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Are the following sentences correct? and what is the difference in meaning?

  • I can't imagine John drives a car.

  • I can't imagine John driving a car.

  • I can't imagine John is driving a car.

I think the middle one is correct, but I don't understand its part of speech, tense and clause elements, and I think the other two are wrong, in the same I can understand it grammar and tense

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    Would you please tell us what you think about these sentences yourself? – Cardinal Feb 28 '17 at 19:52
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    Actuality, I think the middle one is correct, but I don't understand its part of speech, tense and clause elements, and I think the other two are wrong, in the same I can understand it grammar and tense – Shannak Feb 28 '17 at 20:11
  • Fine, you can add this to your question. BTW, some verbs take both infinitives and present participles and in my opinion both "drive" (without s) and "driving" can be used with the verb "imagine". However, I am a learner like yourself. Let's wait for the native friends. – Cardinal Feb 28 '17 at 20:16
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    @Kat <strikeout>I don't think "drives" is right in this context; the only ones that seem right to me (as a native speaker) are "driving" and "that John is driving" (the latter of which isn't in the question), both of which mean slightly different things.</strikeout> Edit: Considering them as different tenses, they all work. – wizzwizz4 Mar 1 '17 at 19:21
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    @Kat what about this: "I watched john climb the wall"? – Cardinal Mar 1 '17 at 19:38
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All of them are grammatically correct, and I can imagine using all of them in different situations.

  • I can't imagine John drives a car.
    The use of the simple present tense implies something that is factual or habitual, so this means "I can't believe that John regularly or habitually drives a car. It might be used in a context like this:

    "I need someone to drive me to the train station tomorrow. Do you think John could drive me?"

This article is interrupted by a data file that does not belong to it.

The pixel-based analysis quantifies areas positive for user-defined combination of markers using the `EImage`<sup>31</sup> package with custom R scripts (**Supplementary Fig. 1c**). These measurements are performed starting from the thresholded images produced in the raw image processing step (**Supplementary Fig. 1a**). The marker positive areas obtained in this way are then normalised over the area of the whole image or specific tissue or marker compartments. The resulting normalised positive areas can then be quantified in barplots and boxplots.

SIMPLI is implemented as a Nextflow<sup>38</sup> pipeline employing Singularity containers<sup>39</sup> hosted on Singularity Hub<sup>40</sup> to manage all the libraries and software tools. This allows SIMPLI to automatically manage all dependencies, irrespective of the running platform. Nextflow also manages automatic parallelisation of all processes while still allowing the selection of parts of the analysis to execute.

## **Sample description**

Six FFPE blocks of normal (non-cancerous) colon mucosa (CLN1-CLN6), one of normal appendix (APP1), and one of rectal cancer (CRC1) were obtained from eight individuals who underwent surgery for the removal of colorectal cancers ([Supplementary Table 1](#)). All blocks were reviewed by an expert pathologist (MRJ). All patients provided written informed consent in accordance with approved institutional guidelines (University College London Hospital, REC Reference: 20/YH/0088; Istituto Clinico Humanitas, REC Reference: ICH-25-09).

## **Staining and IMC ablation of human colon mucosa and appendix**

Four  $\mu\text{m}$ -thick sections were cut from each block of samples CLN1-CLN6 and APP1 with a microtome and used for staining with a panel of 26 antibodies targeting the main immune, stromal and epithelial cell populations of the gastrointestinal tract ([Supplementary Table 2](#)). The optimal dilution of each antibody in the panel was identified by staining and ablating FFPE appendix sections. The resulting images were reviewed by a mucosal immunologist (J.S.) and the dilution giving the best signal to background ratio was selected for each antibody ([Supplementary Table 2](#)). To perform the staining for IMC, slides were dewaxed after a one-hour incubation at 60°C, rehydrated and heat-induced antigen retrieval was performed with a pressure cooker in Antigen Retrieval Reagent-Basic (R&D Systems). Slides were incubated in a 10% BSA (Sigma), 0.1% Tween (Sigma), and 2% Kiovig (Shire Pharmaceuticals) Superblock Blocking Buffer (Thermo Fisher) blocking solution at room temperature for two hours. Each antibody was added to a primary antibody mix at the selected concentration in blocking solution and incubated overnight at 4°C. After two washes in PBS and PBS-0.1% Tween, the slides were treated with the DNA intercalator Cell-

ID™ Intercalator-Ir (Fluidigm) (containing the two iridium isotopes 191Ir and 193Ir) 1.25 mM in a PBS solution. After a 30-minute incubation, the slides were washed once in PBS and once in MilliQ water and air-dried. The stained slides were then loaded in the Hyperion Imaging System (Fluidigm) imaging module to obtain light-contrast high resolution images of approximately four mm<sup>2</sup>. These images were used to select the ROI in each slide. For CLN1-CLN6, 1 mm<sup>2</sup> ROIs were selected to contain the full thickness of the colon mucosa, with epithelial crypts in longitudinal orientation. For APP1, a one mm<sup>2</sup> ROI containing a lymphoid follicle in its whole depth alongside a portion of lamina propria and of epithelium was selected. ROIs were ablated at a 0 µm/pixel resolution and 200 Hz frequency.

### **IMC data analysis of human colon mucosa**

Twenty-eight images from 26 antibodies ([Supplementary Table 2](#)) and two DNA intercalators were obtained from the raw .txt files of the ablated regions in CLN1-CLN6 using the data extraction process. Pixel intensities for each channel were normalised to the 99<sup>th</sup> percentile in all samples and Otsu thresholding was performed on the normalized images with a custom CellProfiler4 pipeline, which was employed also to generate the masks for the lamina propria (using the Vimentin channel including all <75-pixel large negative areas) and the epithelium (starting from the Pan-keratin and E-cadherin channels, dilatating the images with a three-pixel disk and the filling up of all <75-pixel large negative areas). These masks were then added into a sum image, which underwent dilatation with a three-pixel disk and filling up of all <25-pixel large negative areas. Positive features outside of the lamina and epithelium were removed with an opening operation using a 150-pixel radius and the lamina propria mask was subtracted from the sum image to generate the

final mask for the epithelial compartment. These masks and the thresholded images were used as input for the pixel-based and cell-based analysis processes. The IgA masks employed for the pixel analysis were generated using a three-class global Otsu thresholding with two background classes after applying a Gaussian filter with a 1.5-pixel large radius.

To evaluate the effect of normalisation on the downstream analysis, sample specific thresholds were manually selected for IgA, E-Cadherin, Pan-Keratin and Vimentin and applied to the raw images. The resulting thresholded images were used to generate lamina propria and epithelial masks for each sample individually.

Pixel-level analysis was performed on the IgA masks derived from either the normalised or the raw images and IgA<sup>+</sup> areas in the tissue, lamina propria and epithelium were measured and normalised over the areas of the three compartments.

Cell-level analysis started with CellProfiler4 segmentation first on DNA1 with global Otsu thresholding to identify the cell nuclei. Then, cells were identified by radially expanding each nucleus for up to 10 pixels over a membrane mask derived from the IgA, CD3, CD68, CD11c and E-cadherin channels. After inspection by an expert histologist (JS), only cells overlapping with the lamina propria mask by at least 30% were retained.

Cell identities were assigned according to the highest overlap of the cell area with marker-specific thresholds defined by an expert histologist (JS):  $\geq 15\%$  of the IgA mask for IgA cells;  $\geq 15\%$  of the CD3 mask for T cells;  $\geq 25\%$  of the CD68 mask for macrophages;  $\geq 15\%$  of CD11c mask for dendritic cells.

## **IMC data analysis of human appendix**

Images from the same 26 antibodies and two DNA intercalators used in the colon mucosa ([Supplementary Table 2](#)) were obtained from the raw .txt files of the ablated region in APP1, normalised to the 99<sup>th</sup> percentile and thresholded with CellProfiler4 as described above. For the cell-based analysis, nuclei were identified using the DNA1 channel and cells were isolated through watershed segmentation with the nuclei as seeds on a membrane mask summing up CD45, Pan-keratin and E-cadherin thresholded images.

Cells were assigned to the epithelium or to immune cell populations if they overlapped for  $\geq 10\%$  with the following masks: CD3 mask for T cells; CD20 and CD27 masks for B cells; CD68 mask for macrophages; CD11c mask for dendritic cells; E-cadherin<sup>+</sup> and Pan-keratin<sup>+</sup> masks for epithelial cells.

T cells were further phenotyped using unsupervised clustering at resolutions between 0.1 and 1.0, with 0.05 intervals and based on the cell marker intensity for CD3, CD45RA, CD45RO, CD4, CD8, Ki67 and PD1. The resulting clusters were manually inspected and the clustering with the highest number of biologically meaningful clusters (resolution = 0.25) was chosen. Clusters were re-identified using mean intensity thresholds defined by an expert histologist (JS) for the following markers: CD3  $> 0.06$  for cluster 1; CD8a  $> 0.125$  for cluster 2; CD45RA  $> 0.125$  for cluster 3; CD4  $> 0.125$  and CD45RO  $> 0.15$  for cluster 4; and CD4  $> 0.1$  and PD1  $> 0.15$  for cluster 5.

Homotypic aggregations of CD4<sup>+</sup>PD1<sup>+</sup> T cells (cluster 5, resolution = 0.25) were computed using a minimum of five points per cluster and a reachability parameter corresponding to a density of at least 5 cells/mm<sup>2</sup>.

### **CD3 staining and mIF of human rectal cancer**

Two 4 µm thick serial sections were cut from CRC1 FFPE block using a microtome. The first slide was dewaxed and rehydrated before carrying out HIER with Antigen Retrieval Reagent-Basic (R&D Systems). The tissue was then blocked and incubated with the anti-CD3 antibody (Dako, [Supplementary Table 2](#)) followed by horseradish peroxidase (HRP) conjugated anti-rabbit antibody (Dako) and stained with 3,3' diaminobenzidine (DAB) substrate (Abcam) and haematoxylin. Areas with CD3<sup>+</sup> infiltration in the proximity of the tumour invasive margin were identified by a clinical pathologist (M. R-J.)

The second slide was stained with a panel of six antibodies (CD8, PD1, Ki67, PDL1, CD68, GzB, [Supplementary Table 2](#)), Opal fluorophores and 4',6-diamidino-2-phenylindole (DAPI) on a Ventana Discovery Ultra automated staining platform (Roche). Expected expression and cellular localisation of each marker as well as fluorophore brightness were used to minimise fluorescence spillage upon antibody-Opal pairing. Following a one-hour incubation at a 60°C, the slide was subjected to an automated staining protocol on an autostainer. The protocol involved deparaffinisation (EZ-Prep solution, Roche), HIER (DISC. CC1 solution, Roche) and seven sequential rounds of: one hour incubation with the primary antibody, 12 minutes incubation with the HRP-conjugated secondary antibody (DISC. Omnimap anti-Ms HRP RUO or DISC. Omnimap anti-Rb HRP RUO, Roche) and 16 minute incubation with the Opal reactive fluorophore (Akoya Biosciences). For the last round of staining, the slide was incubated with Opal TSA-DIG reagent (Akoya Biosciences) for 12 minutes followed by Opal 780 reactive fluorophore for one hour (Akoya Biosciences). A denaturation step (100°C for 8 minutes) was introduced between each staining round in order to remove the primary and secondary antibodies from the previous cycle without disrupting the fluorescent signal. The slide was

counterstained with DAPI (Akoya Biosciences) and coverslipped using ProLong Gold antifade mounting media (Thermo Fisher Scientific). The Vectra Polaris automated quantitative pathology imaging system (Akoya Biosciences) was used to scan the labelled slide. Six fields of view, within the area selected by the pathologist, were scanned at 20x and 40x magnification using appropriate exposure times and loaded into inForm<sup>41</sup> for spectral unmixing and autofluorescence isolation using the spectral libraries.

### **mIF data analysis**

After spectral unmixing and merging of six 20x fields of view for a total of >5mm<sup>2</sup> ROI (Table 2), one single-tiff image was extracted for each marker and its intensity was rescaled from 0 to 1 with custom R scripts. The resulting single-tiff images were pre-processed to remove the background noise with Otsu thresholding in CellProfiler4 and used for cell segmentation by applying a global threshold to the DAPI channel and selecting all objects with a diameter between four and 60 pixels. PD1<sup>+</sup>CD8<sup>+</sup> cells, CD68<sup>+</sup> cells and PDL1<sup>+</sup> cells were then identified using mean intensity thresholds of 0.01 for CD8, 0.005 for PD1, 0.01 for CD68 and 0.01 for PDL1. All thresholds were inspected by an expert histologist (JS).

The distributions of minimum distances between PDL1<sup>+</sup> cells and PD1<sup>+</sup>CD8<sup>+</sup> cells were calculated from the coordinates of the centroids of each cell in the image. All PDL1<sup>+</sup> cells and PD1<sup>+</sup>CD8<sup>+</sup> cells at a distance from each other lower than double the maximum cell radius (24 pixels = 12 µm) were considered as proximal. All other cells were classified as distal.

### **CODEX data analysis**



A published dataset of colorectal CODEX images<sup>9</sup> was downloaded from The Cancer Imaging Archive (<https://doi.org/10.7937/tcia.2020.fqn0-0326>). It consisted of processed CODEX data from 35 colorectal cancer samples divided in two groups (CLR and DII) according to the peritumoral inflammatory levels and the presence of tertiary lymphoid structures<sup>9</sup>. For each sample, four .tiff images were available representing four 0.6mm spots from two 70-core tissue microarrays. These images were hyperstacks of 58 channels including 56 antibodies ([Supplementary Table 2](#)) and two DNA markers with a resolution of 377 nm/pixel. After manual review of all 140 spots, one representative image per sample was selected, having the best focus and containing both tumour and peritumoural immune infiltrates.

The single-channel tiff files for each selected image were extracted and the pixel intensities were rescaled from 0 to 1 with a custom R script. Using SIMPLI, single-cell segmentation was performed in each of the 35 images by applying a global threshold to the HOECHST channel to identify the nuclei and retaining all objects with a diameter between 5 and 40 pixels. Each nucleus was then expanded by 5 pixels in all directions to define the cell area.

"I can't imagine John drives a car. He lives downtown where there's no parking, he's always talking about how awful cars are, and he's as poor as a church mouse anyway."

  • I can't imagine John driving a car.
    The use of the present participle implies the action of driving a car. I would use it like this:

    "Who will drive the car tomorrow? John?"
    "Ha! I can't imagine John driving a car. He gets confused by anything more technologically complicated than a toaster."

  • I can't imagine John is driving a car.
    The use of "is driving" implies that John is driving the car right now as we speak. I would use it like this:

    "I heard that John is going to Bakersville today. Is he driving there?"
    "I can't imagine John is driving a car. It's a long way and he doesn't know the roads, so he's probably taking a bus."

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    @user178049 No: John driving a car can't be expanded to relative clause because there's no 'gap' (missing constituent) which a relative's referent could fill and yield an independent clause. It's a gerund clause (or gerund-participle clause, if you follow CGEL). – StoneyB Mar 1 '17 at 1:16
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    Shouldn't it be "I can't imagine that John drives a car" and "I can't imagine that John is driving a car" ...? And I thought a gerund clause would always have ing in it somewhere. – John Wu Mar 1 '17 at 3:17
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    @JohnWu, "that" in that meaning can usually be omitted without changing the meaning of the sentence (although in some cases omitting it can make the meaning ambiguous). – Wildcard Mar 1 '17 at 3:28
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    @Cardinal All three sentences are valid in both speaking and writing and stangdon's explanation of the differences holds in both modalities. I think there are people who would use "I can't imagine John's driving a car." with a genitive apostrophe. Their meaning would likely be like the 2nd example. But note that the apostrophe could also indicate a contraction of "is driving" so then this is the same as the third example. – weissj Mar 1 '17 at 17:32
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    I read “…John driving…” with a participle, not a gerund. I can imagine John bald, I can imagine John in a star-spangled top hat and clown shoes, but I cannot imagine John (a-)driving a car: these two phrases are parallel, and their head is John. – Anton Sherwood Mar 2 '17 at 6:28

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